“It’s just … everything is a mess, and none of it is my fault.”
Truth to tell — I was about to embark on my first cosy mystery. You know, that subgenre of crime fiction in which sex and violence are downplayed or treated lightly, and the crime occurs in a small, intimate community. The detectives are almost always amateurs and are frequently women.
Bevan Atkinson’s The Hierophant Card (Electra Enterprises of San Francisco) checks off all the boxes for that definition — and a few more. It won me over with a fast-paced plot, an intriguing Tarot card-reading protagonist/narrator, and some lovely use of language reminding us that style counts as much as form when considering the pleasures of the written word.
This is the sixth book in Atkinson’s The Tarot Mysteries series. The card-reading angle is a fun device: it nicely brands her series and also gets us into the story.
SKEPTICAL TAROT CLIENT
Xana Bard, like our author, is a Tarot card reader, which she does as a hobby rather than a vocation because she is financially secure. In that people typically seek out readings to gain insight or comfort for a personal problem or life crisis, so it is that Thalia Thalassos, skeptical of the Tarot process, contacts our heroine hoping to seek clarity about her cheating husband Don, whom authorities suspect Thalia might have killed.
Thalia’s “everything is a mess” line explains her reasons for seeking out Xana — on the recommendation of a work colleague, Yolanda. The “none of it is my fault” part certainly provides clarity if you want to believe Thalia’s initial claim, but let’s reserve judgment for now.
Yolanda has told Thalia that Xana likes to get her fingers into “everybody else’s personal business, the messier the better.” Xana doesn’t deny. In fact, she acknowledges that many potential readers “stop short because reading someone’s cards means, to some extent, I’m invading their life.” It’s why she never pushes anyone into a session.
SO WHAT IS A HIEROPHANT?
And what of the book’s title, the dominant card was drawn by Thalia — the Hierophant, or the Pope, which also happens to be drawn in reverse (as opposed to right-side-up)?
“When the Hierophant is reversed,” Xana explains, “what I get from the card is a need for social approval — looking to others for guidance, rather than having confidence in your own strength of character … This card is all about listening to our own inner voice, our own conscience or higher power … The Hierophant reversed can mean you’re not listening to the inner voice that tells you the truth even when you don’t want to hear it.”
The doubting Thalia responds in kind: “Bullshit.”
But off we go as Xana immerses into Thalia’s dilemma far beyond reading Tarot cards. Almost out of her own curiosity, and perhaps a little coincidence, she finds herself travelling to the dangerous cliff where Thalia’s husband took a life-threatening fall (was it an accident?) during a 24-hour horse race; to a photographer who might have captured the moment; to the investigating police district offices; to the hospital where he was treated; and more in between.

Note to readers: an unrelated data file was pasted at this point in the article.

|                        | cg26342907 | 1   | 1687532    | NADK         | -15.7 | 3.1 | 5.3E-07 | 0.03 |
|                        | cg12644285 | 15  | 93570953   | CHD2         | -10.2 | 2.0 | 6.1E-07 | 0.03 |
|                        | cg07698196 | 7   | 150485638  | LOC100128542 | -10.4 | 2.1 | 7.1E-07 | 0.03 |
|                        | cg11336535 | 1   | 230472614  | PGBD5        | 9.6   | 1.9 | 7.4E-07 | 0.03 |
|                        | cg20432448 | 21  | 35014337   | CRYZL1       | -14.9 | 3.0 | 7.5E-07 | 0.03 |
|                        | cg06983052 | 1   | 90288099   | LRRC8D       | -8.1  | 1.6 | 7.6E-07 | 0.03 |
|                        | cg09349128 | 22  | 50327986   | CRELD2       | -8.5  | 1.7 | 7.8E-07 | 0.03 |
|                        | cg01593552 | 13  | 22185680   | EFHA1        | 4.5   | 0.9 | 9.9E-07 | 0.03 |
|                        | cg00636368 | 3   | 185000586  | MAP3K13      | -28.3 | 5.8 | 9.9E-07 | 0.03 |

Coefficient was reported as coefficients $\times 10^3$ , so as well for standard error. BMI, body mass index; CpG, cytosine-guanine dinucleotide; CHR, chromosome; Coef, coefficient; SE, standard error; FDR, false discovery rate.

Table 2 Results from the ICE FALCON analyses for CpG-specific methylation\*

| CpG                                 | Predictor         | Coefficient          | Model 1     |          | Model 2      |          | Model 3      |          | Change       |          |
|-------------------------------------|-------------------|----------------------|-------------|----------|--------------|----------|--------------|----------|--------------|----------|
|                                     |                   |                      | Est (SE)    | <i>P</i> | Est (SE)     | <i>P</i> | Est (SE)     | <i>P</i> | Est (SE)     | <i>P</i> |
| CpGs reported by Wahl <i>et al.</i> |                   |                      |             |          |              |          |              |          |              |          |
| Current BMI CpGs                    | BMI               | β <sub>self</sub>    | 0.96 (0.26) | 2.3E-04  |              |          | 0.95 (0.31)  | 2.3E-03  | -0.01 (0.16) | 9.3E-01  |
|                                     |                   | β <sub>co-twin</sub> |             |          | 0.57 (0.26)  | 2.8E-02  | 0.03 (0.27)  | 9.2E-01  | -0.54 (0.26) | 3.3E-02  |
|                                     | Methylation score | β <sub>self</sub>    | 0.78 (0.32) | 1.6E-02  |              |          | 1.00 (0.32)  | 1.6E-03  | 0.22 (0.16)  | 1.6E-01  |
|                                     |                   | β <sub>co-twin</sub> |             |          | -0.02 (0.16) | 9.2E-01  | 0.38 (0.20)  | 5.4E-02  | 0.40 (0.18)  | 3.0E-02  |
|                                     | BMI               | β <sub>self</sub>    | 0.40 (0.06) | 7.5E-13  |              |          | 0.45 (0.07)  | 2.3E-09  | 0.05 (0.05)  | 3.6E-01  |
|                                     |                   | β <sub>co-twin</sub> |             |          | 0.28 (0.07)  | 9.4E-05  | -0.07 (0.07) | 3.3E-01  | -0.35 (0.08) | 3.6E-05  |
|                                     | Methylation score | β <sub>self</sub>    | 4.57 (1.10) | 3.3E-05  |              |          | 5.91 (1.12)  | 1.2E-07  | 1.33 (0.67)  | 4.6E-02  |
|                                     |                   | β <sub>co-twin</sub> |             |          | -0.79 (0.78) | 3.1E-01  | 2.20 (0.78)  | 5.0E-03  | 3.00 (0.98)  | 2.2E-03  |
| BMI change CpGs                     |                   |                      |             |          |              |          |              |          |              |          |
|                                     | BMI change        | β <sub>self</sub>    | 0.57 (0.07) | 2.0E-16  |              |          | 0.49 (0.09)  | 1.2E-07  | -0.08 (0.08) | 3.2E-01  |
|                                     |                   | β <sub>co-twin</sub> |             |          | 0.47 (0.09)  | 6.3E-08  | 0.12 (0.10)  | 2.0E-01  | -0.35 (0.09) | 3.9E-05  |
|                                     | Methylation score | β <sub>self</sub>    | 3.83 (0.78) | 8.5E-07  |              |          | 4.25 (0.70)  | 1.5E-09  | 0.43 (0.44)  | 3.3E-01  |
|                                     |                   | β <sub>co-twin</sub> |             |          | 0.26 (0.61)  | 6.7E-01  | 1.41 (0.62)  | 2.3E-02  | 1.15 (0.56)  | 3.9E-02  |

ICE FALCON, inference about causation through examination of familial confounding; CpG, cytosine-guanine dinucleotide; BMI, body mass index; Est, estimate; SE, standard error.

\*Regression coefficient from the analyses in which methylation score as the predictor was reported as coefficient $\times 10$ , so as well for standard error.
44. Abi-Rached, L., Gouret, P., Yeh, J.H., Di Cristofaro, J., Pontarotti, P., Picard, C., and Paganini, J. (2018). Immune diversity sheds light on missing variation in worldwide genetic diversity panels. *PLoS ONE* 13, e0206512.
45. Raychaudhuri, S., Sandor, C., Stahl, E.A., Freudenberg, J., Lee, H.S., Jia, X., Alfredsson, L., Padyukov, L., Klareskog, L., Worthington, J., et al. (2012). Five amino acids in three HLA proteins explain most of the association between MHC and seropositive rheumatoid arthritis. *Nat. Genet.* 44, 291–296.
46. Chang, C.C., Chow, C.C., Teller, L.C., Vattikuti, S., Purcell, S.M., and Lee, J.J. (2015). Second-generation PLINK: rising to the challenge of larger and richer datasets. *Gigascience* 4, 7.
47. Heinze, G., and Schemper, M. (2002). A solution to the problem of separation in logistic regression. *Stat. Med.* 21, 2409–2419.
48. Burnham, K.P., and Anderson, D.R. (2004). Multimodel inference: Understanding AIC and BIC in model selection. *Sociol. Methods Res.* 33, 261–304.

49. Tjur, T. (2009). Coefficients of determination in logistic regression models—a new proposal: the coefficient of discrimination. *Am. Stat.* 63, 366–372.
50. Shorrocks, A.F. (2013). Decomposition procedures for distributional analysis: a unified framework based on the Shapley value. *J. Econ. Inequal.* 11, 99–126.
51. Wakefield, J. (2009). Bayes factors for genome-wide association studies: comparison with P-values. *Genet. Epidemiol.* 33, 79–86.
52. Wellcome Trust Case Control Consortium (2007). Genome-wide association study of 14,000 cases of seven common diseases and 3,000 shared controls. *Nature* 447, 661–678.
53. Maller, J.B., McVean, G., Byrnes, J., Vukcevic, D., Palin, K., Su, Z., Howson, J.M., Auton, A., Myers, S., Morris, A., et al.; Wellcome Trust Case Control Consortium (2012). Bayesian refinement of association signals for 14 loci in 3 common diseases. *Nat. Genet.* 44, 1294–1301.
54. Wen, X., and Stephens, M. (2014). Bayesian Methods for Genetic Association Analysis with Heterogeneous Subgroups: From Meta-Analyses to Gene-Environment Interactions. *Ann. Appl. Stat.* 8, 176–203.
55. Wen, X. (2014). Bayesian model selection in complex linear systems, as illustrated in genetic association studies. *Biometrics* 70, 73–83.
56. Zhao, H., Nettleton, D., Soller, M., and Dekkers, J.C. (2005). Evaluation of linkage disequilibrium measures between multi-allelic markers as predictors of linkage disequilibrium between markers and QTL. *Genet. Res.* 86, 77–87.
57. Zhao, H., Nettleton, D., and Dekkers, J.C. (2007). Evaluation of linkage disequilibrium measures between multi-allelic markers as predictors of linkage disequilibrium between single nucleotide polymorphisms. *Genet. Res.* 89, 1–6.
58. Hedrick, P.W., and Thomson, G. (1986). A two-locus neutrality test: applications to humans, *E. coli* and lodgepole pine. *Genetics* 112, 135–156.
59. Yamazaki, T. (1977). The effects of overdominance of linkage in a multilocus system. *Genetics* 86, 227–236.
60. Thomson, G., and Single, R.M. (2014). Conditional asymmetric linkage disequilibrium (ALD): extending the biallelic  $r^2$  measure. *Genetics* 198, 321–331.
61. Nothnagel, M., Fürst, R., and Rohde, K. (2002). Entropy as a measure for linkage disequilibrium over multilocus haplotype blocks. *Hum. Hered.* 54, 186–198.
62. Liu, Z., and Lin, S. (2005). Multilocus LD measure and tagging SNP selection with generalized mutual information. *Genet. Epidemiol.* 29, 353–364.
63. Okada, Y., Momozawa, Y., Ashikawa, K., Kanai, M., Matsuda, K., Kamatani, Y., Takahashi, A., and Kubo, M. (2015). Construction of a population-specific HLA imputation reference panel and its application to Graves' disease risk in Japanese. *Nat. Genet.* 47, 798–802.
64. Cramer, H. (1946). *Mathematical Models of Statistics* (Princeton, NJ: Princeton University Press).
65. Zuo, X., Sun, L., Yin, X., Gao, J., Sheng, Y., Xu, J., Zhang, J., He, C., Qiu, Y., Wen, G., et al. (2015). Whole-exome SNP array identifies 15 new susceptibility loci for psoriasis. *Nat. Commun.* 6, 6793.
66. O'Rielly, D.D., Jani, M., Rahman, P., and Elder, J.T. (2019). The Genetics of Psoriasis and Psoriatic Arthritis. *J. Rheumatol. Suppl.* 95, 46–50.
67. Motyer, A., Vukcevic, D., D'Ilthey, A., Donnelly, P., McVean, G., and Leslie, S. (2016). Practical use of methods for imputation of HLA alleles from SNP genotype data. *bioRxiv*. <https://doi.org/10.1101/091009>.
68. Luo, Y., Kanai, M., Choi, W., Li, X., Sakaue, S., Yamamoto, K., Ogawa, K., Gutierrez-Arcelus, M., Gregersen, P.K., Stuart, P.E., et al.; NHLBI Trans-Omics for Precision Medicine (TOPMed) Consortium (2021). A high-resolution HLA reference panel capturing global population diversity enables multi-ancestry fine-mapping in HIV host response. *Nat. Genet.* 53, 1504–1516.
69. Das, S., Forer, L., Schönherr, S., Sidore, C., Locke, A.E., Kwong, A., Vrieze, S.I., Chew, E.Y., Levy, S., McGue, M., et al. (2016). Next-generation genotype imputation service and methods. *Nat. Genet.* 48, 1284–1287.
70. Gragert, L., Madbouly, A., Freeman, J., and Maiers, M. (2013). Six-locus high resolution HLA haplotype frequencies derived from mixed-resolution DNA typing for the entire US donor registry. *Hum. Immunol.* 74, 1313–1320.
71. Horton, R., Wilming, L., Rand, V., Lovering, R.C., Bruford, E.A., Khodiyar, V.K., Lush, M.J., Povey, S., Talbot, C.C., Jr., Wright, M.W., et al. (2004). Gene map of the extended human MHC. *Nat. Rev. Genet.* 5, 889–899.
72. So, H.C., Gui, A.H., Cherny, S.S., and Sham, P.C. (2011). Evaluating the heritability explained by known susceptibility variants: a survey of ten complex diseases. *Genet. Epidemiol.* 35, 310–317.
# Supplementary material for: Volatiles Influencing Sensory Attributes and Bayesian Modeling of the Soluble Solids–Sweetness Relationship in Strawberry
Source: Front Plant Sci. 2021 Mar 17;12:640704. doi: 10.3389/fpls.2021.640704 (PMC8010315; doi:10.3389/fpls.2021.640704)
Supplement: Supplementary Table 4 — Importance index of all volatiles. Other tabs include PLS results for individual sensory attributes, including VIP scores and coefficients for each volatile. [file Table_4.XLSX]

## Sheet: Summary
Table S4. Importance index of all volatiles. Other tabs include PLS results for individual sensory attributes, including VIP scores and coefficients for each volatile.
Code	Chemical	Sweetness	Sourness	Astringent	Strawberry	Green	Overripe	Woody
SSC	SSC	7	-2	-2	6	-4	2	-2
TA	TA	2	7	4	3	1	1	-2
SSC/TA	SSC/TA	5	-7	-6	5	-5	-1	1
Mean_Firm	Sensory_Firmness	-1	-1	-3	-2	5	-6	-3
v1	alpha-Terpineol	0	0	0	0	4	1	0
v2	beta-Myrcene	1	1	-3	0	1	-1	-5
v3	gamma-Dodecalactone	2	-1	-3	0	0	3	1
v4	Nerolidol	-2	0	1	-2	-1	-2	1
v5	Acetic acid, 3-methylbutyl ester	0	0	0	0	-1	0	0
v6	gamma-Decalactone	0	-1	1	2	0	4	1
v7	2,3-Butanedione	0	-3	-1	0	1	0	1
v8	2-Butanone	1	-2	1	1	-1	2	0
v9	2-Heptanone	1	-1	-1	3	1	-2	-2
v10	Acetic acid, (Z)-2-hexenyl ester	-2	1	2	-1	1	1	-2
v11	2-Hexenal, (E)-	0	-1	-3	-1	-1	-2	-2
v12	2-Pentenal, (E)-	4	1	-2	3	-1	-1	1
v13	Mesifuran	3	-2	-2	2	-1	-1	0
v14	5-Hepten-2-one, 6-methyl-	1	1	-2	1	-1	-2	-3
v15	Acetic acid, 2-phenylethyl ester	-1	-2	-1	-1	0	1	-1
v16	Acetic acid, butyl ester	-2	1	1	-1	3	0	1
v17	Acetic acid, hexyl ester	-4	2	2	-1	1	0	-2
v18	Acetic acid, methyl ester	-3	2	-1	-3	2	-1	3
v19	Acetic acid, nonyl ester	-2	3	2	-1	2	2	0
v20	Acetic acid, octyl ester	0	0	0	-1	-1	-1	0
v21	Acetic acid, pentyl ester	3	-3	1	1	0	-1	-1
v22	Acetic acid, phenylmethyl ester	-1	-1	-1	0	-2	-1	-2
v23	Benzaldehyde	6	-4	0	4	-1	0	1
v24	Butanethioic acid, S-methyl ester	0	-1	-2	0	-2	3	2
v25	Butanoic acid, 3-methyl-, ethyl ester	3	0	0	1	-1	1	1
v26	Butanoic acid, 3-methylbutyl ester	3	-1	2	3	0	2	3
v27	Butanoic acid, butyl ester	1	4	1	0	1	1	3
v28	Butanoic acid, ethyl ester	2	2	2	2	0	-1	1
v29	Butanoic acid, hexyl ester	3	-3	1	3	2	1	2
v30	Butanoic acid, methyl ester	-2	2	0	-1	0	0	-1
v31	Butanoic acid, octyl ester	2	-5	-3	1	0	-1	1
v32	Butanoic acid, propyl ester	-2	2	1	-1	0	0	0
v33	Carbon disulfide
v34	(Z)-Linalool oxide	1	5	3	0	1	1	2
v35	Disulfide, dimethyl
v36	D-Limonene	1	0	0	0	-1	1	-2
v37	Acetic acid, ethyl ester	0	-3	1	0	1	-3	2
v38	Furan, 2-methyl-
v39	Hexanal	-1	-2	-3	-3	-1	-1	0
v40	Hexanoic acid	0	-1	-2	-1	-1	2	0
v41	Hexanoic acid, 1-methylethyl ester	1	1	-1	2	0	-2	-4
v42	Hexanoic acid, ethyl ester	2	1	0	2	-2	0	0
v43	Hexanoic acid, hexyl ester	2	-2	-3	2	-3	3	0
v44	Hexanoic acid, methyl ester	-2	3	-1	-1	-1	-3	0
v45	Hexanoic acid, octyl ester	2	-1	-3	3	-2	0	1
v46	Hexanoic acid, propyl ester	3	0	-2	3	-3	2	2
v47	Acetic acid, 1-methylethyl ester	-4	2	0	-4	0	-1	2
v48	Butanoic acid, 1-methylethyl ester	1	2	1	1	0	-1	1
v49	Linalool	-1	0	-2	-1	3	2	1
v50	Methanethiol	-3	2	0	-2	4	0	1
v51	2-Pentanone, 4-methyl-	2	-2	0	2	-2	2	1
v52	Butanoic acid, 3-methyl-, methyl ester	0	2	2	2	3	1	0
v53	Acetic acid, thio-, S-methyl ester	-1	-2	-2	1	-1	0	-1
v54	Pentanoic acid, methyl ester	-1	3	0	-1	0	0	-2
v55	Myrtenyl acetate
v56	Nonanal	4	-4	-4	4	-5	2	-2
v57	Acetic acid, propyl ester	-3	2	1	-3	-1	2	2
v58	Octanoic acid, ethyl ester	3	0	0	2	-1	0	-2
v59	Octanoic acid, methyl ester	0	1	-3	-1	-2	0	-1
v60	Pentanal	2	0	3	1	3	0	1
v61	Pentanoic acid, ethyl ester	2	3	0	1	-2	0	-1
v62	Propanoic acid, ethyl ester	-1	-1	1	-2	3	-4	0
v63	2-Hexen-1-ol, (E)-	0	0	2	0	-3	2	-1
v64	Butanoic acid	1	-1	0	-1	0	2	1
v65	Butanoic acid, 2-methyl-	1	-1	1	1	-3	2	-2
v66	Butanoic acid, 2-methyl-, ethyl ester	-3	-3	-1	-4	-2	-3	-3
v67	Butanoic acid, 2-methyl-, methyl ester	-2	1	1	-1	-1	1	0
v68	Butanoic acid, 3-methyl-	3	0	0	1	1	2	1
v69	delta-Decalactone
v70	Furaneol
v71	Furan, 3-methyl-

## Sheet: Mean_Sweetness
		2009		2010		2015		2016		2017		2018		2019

At the hospital, prior to Xana’s arrival, we get into the head of night-shift nurse Bryce Gilbertson, who raises suspicions from the moment he is introduced making rounds. Those suspicions are heightened when he tells Jenny — with whom Don is having his affair — that his name is Bruce, which, as she can see from his hospital badge, it is not. File this as a future matter of concern.
CLEVER WRITING STYLE
While the plot keeps readers turning the pages, Atkinson’s nifty, witty writing has the opposite effect, causing readers to stop, admire and read again.
For example, says Xana, “Strangers who come to me for a reading are often frightened, and fear can convert all of us into self-centred, fight-or-flight-stricken impalas watching the cheetah coil itself for an eruption into a high-speed hunt.”
Or, “In spite of Thalia’s rage, I’ve learned that when someone asks you to listen to them unless they’re at that sloppy drunk stage where a ‘how-NASA-staged-the-moon-landing’ theory is about to be unleashed, it’s a sensible idea to give them a couple of seconds.”
From Xana’s razor-sharp insights: “I love how women talk to each other when they’re pissed off. One of my wounded-bird ex-boyfriends was dumbfounded by my description of a work disagreement with a female colleague, a disagreement peppered with ‘I feel this’ and ‘Well I feel that’s.’ He told me that a man in my situation would have said, ‘Fuck you’ and walked away.”
The Hierophant Card is a fun, fast read with outrageously believable characters showing their own unique assets and quirks. In Atkinson’s Xana, if readers are reminded of Jessica Fletcher, mystery writer and amateur sleuth extraordinaire from the cosy crime series Murder, She Wrote, no need to apologize.
Atkinson is a talented writer worthy of your attention. Whether you start your Tarot Mysteries journey with this title or The Fool Card, The Magician Card, The High Priestess Card, Empress Card or Emperor Card, enjoy the hand you are dealt.
The Hierophant Card is available for purchase. Learn more about Atkinson on her BookTrib author page.